Speakers: Dr. Danny Leipziger, Mr. Kyle Ferrier, Mr. Troy Stangarone

The pandemic has brought drastic changes to the economy: from changing the structure of the economy (i.e. GDP to consumption ratio, GDP to export ratio, and size in GDP) to creating whole new economic policies and agreements. Despite the global ef ort to resuscitate the economy, we still witness the underperforming service sector, growing concerns over the future market performances frightening the investors and unemployment is also starting to peak. 

Amongst the nations who are faced with reduced durable goods consumption and investment, South Korea may be the greatest victim out of all. South Korea has always been heavily reliant on exports, especially capital and intermediate goods. With the prolonged global recession powered by the continued spread of COVID, the economy may soon be forced into a crisis. With these symptoms occurring globally, the panel seeks to analysis the current economy with regards to both global and domestic market. More importantly, we hope to discuss the predictions of the post-COVID economy; the mid-long term ef ects of our current policies. South Korea’s recent policies have been a big injection stimulus at the expense of the budget deficit. There are concerns that the policies were overly done and may cost us the risk of inflation and debt pressure. Through discussing both the past and future of our current pandemic, the panel seeks to identify and discuss the future of South Korea’s economy.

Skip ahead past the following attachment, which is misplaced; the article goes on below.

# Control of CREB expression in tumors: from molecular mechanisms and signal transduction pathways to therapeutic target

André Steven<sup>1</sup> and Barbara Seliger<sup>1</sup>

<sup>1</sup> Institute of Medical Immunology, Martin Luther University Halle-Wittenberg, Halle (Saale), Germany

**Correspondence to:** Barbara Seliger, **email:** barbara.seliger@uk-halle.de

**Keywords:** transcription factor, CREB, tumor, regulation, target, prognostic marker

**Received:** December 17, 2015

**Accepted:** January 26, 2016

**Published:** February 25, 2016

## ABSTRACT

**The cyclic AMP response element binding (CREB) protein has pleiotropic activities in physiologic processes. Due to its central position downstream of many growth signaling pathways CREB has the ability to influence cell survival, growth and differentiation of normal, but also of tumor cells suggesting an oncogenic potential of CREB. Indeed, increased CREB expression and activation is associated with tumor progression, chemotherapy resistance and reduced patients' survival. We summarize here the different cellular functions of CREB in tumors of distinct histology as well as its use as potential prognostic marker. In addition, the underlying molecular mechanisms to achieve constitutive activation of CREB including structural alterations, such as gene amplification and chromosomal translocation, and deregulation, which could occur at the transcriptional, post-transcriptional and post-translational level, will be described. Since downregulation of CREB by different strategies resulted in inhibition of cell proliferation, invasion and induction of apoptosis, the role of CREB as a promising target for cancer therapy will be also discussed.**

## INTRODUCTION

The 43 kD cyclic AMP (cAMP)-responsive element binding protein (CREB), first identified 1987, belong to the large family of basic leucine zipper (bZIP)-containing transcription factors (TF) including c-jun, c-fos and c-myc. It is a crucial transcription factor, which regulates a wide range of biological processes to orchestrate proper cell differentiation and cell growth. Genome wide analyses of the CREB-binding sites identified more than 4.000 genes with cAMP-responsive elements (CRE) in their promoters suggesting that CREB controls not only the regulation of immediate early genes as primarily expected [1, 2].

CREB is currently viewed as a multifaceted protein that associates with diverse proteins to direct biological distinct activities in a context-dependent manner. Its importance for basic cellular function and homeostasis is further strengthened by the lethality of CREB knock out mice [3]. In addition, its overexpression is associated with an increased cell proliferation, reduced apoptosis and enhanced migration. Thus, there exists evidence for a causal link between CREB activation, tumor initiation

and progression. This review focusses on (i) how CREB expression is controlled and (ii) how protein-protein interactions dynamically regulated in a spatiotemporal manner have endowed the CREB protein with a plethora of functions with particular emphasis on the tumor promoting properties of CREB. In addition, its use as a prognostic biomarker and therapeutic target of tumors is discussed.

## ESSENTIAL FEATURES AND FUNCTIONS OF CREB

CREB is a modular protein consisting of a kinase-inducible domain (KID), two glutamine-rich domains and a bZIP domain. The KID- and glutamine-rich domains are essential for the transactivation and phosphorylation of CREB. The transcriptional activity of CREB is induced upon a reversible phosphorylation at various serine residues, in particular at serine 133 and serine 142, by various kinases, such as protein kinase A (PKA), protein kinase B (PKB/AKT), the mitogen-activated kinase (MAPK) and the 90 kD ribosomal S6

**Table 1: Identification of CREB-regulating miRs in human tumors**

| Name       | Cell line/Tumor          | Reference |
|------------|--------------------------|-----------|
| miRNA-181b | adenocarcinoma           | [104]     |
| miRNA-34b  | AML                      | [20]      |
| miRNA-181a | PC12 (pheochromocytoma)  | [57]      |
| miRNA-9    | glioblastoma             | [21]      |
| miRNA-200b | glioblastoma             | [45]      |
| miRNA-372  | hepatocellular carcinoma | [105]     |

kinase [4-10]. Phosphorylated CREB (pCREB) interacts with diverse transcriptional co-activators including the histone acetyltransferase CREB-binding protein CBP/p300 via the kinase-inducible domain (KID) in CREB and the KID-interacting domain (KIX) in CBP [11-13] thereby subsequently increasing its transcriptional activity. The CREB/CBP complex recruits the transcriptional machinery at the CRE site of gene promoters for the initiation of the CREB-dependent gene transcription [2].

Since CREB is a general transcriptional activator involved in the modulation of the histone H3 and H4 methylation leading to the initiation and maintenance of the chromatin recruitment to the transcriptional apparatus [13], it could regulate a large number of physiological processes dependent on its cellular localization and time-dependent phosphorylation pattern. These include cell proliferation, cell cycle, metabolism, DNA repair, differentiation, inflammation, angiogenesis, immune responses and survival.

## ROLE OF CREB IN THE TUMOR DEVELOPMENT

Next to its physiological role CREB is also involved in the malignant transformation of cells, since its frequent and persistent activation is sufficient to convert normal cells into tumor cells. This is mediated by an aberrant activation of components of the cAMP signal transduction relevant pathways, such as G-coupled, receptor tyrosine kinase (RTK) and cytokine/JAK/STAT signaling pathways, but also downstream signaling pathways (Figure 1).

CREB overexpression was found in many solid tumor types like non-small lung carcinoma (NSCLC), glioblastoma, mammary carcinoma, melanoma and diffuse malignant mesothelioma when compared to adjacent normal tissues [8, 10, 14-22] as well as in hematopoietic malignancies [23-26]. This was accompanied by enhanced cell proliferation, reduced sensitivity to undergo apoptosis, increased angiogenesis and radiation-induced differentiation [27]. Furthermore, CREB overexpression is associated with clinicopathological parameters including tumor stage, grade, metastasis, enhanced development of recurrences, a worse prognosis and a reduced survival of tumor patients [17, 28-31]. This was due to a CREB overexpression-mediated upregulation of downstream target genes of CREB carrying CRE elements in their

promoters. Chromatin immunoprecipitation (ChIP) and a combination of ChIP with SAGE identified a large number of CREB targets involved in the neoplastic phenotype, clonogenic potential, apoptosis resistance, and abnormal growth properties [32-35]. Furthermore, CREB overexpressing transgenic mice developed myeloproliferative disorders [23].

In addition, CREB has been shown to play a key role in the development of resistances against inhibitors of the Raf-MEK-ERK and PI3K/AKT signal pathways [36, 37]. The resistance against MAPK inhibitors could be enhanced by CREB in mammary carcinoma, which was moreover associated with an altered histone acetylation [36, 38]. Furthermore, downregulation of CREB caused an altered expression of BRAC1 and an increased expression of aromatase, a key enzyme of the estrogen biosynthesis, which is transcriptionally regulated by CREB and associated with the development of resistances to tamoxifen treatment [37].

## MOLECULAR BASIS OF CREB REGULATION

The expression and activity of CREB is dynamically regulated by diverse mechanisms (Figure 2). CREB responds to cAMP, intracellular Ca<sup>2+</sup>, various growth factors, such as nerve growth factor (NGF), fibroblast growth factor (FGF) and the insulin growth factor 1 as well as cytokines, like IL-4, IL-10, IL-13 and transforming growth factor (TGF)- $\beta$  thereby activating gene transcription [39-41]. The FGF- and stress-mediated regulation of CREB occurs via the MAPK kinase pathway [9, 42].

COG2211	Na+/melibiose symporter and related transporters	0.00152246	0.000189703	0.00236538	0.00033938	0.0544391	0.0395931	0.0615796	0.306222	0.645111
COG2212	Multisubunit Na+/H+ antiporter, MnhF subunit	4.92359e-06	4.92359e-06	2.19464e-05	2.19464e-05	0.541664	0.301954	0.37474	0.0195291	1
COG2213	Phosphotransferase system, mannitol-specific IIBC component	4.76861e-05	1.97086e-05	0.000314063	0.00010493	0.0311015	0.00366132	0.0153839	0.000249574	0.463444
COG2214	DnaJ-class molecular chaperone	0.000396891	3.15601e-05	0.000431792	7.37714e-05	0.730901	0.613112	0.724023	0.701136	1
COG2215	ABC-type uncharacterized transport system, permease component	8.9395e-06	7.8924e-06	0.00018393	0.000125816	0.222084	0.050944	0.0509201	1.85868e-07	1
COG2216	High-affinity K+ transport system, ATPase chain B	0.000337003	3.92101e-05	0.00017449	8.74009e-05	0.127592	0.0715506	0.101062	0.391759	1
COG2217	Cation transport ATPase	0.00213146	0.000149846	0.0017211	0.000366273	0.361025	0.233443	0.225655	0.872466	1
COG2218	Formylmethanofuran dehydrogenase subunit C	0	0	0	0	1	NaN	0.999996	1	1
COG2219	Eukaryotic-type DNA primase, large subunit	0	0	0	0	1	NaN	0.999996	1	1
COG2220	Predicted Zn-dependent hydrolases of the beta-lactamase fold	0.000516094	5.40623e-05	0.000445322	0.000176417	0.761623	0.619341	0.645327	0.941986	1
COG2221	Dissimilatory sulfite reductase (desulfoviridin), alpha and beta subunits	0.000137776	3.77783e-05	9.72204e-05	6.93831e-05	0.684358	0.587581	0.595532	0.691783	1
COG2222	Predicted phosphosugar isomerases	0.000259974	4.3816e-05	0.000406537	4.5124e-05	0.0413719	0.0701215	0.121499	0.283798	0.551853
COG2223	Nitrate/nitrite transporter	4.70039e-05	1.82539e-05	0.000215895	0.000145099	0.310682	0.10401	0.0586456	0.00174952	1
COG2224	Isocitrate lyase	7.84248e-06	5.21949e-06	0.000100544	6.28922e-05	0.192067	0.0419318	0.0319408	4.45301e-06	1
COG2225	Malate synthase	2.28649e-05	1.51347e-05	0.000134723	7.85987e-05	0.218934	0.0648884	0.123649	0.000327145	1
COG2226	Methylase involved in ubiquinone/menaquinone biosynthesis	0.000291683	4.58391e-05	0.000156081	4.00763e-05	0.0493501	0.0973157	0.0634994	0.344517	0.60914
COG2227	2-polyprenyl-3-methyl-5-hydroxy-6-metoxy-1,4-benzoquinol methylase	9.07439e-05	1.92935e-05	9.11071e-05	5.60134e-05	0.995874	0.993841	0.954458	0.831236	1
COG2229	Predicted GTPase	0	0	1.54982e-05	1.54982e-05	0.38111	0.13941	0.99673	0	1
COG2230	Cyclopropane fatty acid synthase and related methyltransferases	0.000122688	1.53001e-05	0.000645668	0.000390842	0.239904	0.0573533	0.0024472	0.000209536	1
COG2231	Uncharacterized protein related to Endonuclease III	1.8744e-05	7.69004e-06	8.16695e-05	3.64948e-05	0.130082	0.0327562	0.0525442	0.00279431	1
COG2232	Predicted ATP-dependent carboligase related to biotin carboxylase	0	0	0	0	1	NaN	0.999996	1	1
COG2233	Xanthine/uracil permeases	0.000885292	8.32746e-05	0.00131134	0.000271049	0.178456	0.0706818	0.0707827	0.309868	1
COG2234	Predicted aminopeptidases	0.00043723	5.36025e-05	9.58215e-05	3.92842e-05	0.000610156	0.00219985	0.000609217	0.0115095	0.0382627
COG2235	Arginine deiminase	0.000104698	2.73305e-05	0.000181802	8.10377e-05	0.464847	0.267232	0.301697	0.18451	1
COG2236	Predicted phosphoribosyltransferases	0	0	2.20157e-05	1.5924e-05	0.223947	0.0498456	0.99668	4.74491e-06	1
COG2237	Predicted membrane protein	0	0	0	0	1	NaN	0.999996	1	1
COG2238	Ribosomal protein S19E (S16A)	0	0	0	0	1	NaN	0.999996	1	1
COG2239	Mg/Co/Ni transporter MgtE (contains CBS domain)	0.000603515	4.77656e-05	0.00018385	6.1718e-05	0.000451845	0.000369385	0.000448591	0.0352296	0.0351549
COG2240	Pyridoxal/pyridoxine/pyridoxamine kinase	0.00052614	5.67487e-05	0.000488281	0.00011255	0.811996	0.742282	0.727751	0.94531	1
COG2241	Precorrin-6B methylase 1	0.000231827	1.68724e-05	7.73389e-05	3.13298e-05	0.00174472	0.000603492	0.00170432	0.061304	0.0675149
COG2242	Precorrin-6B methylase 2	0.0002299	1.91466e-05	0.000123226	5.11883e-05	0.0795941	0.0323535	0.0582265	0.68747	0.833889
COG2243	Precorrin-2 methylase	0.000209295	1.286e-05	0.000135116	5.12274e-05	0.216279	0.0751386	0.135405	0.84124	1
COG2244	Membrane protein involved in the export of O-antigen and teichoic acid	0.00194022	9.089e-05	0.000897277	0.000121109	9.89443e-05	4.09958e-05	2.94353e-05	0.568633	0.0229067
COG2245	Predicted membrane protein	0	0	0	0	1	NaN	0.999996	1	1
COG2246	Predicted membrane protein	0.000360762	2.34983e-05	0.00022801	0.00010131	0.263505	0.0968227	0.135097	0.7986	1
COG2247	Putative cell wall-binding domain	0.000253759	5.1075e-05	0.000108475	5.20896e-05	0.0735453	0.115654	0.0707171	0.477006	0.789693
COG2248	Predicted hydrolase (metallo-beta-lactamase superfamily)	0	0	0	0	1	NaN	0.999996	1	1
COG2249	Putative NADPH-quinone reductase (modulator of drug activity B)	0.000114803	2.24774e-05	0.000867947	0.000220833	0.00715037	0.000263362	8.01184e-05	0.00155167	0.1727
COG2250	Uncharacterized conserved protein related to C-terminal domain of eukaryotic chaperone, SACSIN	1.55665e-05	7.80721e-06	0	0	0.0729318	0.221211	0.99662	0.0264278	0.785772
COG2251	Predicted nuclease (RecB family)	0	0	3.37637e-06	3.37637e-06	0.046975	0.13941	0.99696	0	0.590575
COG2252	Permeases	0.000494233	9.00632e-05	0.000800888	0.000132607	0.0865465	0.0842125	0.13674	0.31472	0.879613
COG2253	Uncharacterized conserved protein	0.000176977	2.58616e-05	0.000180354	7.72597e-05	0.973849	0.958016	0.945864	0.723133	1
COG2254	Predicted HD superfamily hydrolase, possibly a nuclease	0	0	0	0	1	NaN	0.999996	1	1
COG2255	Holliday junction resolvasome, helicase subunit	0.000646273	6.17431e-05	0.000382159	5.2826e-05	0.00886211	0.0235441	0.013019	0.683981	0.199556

1. How far has COVID hindered the economy so far? 

2. Anti-COVID policies 

3. Post-COVID 

4. Economic Lockdown


Speakers: Dr. David Hundt, Prof. HaeRan Shin, Ms. Jirim Kim, Mr. Paul Carver